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Robert West, Professor of Psychology at University College London, shares his view on the dangers of oversimplification and the future of behavioural science: 'I would like to be optimistic and believe that we will see a golden age of behavioural science.' Further, he also illustrates the different applications of behavioural science, and the career opportunities that a degree in health communication can open up.


West is a researcher in addiction and behaviour change, with a focus on smoking. He serves as an adviser to various organisations related to tobacco policy and smoking cessation.

Health communication is very closely linked to behavioural science as it is the basis for the development of effective behaviour change communication. The Rīga Stradiņš University (RSU) Health Communication programme is collaborating with University College London Centre for Behaviour Change in both teaching and research.

What are some jobs one can do after studying behavioural science?

Obviously, there are academic positions as a behavioural scientist. But in addition, I think there are loads of opportunities in applying behavioural science. It depends on the country, but many governments are setting up behavioural science units, as are companies. Even if they don't have one they often want advice on behavioural science. Behavioural science is becoming embedded in all sectors, including NGO's. Even if you're not a behavioural scientist, if you're a company director, or you work in marketing, it doesn't matter what area you're making decisions in, having some understanding of behavioural science helps you do your job.

Can you describe what the profession is like?

What I would say is that applying behavioural science is a bit like being an engineer. As an engineer you're a practitioner; you're not generally discovering new things. What you're doing is implementing what's been discovered and finding innovative ways of improving the technology, but the basic science is undertaken by physicists and chemists etc.

How does this interact with public health?

Working as a behavioural science practitioner on a large scale means creating a social and physical environment for the population that supports them moving away from addictions or other problems, like drugs, alcohol, smoking, or addressing behavioural problems such as overeating, risky driving, not exercising, or whatever it might be. It also involves attempting to prevent these behaviour patterns from becoming established in the first place.

Can you break down what that can look like in practice?

What that means is, in terms of government policies, is to create a multi-component strategy. This is the big lesson we learned in the UK at the turn of the century with smoking. If you do one little thing at a time, you don't have much effect, but if you put them all together into a multi-component strategy, then you can really make a difference.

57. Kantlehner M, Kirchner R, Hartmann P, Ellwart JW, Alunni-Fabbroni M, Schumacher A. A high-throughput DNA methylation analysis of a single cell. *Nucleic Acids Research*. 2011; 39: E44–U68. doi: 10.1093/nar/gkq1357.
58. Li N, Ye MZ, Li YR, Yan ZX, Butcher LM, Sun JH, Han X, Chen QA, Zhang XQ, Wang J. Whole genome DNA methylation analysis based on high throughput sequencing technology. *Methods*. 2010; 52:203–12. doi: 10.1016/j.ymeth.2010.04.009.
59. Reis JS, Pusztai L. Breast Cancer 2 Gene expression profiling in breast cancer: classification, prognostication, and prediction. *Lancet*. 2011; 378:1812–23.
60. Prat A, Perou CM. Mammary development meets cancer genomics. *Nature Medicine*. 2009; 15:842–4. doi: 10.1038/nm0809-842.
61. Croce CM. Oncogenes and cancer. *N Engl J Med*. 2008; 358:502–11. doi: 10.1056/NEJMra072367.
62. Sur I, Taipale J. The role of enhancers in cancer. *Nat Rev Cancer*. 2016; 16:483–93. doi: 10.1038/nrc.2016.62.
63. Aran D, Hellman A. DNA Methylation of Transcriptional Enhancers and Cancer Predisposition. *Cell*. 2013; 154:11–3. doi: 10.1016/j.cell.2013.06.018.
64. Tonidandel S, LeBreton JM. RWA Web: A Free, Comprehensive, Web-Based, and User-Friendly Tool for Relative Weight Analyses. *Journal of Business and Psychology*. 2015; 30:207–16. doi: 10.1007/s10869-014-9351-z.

Running communications campaigns is very important. Almost no policies that you could imagine are going to work without an effective communications campaign, because whatever it might be, if you don't run a communications campaign around it, then how are people going to know? A communications campaign is really the glue that holds everything together.

Back in the day I thought we'd never see smoking bans, or smoke free environments. It didn't seem possible, but it was possible. Ireland started the process, and I think a lot of people saw that as a good example of what was possible. It only worked because it had a good communications campaign alongside it.

To sum up, creating a good physical and social environment goes hand in hand with offering support for people who need it on a personal level. It's no use having a situation where people are motivated to try to change their behaviour and all you get is that the people who find it easy do it, and the people who find it hard don't. This exacerbates health inequalities.

These are quite straightforward public health messages. Why is it still necessary to repeat them?

You need to tackle the root causes of these public health problems, which are the commercial drivers, the alcohol industry, the tobacco industry and so on. The tobacco industry and the alcohol industry are still very, very active globally. They try to undermine public health policies by trying to sell their products. It's their job. So, we have to recognise that everything we think of to try to stop people smoking, or drink so much, or whatever it might be, these companies are trying to counter that.